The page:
Referring to FIG. 4, a flow diagram of operational methodology of sensitivity calculator 142 according to one embodiment of the invention is shown. In this embodiment, in a first sub-step S101A, a first reference slack Sj(ref1) is determined by sensitivity determinator 124 for each timing endpoint by using reference values for all parameters, where j ranges between 1 and the total number of endpoints of interest denoted as M. Each reference slack Sj(ref1) is calculated when all N independent parameters Xi, where i ranges between 1 and N, are set to their corresponding reference parameter value Xi(ref1). Each reference parameter value Xi(ref1) may be equivalent to, for example, an extreme value from the range (distribution) of the parameter, a nominal value Xi(nom), or some other value. In a second sub-step S101B, sensitivity calculator 142 determines a second slack Sj(Xi) for all M timing endpoints of interest when one parameter, Xi, is substantially equivalent to a new, different parameter value Xi(2). In one embodiment, the different parameter value Xi(2) may be a value corresponding to an opposite, second extreme value from the range (distribution) of the parameter that was chosen for the reference parameter value during the reference slack calculation step S101A. During this step, only parameter Xi is changed while all other N−1 parameter values remain set to the values used in sub-step S101A. In one embodiment, the value for a reference parameter used during sub-step S101A is Xi(nom)+Ki*σi and the value used for the different parameter value during sub-step S101B is Xi(nom)−Ki*σi, where Xi(nom) is the mean, σi is the standard deviation, and Ki is the standard deviation multiplier of the Xi parameter distribution. Typically, a value of 3 is chosen for Ki to represent +/−3 standard deviations from the mean, however, other values may be used. In sub-step S101C, sensitivity calculator 142 calculates the slack sensitivity (∂Sj/∂Xi) to parameter Xi variations for all M timing endpoints of interest. In one embodiment, the slack sensitivity for a given timing endpoint is calculated by dividing the difference in slack ∂Sj(i.e., Sj(ref1)−Sj(Xi)) by the difference in the parameter's value ∂Xi(i.e., Xi(ref1)−Xi(2)) in order to obtain ∂Sj/∂Xi, however other methods of calculating sensitivity of slack to parameter variation may be used. It should be recognized that the two slack computations (step S101A and S101B) used to determine each slack sensitivity ∂Sj/∂Xi(step S101C) may give different results due to different paths to endpoint j. Thus, they are not simply delay derivatives, but include effects due to the dominance of different paths under different parameter/process permutations. Once the slack sensitivities for all M timing endpoints are calculated for parameter Xi, steps S101B and S101C are repeated for each of the remaining N−1 parameters.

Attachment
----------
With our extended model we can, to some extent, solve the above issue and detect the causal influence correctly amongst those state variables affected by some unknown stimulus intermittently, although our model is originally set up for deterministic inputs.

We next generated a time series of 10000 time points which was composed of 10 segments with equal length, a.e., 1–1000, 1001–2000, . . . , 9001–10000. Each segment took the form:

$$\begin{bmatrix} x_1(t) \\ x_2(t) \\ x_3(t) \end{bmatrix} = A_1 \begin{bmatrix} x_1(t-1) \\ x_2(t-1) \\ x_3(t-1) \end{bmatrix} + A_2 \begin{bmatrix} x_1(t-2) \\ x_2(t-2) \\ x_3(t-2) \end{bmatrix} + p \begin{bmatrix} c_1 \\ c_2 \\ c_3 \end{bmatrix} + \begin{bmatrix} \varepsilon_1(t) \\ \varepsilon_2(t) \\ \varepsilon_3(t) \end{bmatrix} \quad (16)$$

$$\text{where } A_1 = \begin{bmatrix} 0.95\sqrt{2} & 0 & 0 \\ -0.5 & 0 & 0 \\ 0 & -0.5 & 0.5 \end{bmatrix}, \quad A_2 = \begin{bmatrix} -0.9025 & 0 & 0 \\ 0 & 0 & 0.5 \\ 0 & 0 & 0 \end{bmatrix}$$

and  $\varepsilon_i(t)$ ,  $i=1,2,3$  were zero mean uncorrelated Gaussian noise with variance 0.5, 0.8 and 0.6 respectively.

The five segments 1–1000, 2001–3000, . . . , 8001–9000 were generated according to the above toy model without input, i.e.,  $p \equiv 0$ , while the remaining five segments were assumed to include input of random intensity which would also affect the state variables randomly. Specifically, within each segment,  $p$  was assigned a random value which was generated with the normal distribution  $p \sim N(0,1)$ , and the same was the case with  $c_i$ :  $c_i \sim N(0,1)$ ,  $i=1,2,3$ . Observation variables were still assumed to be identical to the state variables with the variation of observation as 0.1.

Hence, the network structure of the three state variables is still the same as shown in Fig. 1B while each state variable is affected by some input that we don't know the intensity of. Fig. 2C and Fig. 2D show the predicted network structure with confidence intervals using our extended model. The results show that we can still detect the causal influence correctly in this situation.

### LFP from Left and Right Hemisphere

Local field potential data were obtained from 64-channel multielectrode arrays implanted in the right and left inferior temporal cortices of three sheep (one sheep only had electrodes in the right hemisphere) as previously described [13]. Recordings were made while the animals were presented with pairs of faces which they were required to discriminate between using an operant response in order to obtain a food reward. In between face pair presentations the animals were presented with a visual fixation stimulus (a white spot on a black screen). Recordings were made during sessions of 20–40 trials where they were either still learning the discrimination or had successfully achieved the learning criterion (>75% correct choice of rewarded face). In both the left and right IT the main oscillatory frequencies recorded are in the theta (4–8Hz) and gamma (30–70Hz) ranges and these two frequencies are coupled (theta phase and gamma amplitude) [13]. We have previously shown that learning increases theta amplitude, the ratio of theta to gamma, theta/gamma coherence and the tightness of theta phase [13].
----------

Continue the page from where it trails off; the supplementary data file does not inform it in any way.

Returning to FIG. 3, the second step S102 includes failure coefficient calculator 144 calculating a failure coefficient (FP) from the reference slack Sj(ref1) and parameter sensitivities, i.e., ∂Sj/∂XI to ∂Sj/∂XN, for each of the timing endpoints. As used herein, a “failure coefficient” is a value indicative of a probability of failure for a timing endpoint, and can be embodied in a number of ways including actual numerical calculations of a failure probability and a worst case excess slack, as will be described below. In step S103, a determination is made by threshold tester 128 as to whether each timing endpoint fails a threshold test. As will become clear below, the failure coefficient calculated and the threshold test evaluated, and the order of step S102 and S103, depends on what data is available based on the parameter distributions obtained as part of step S101.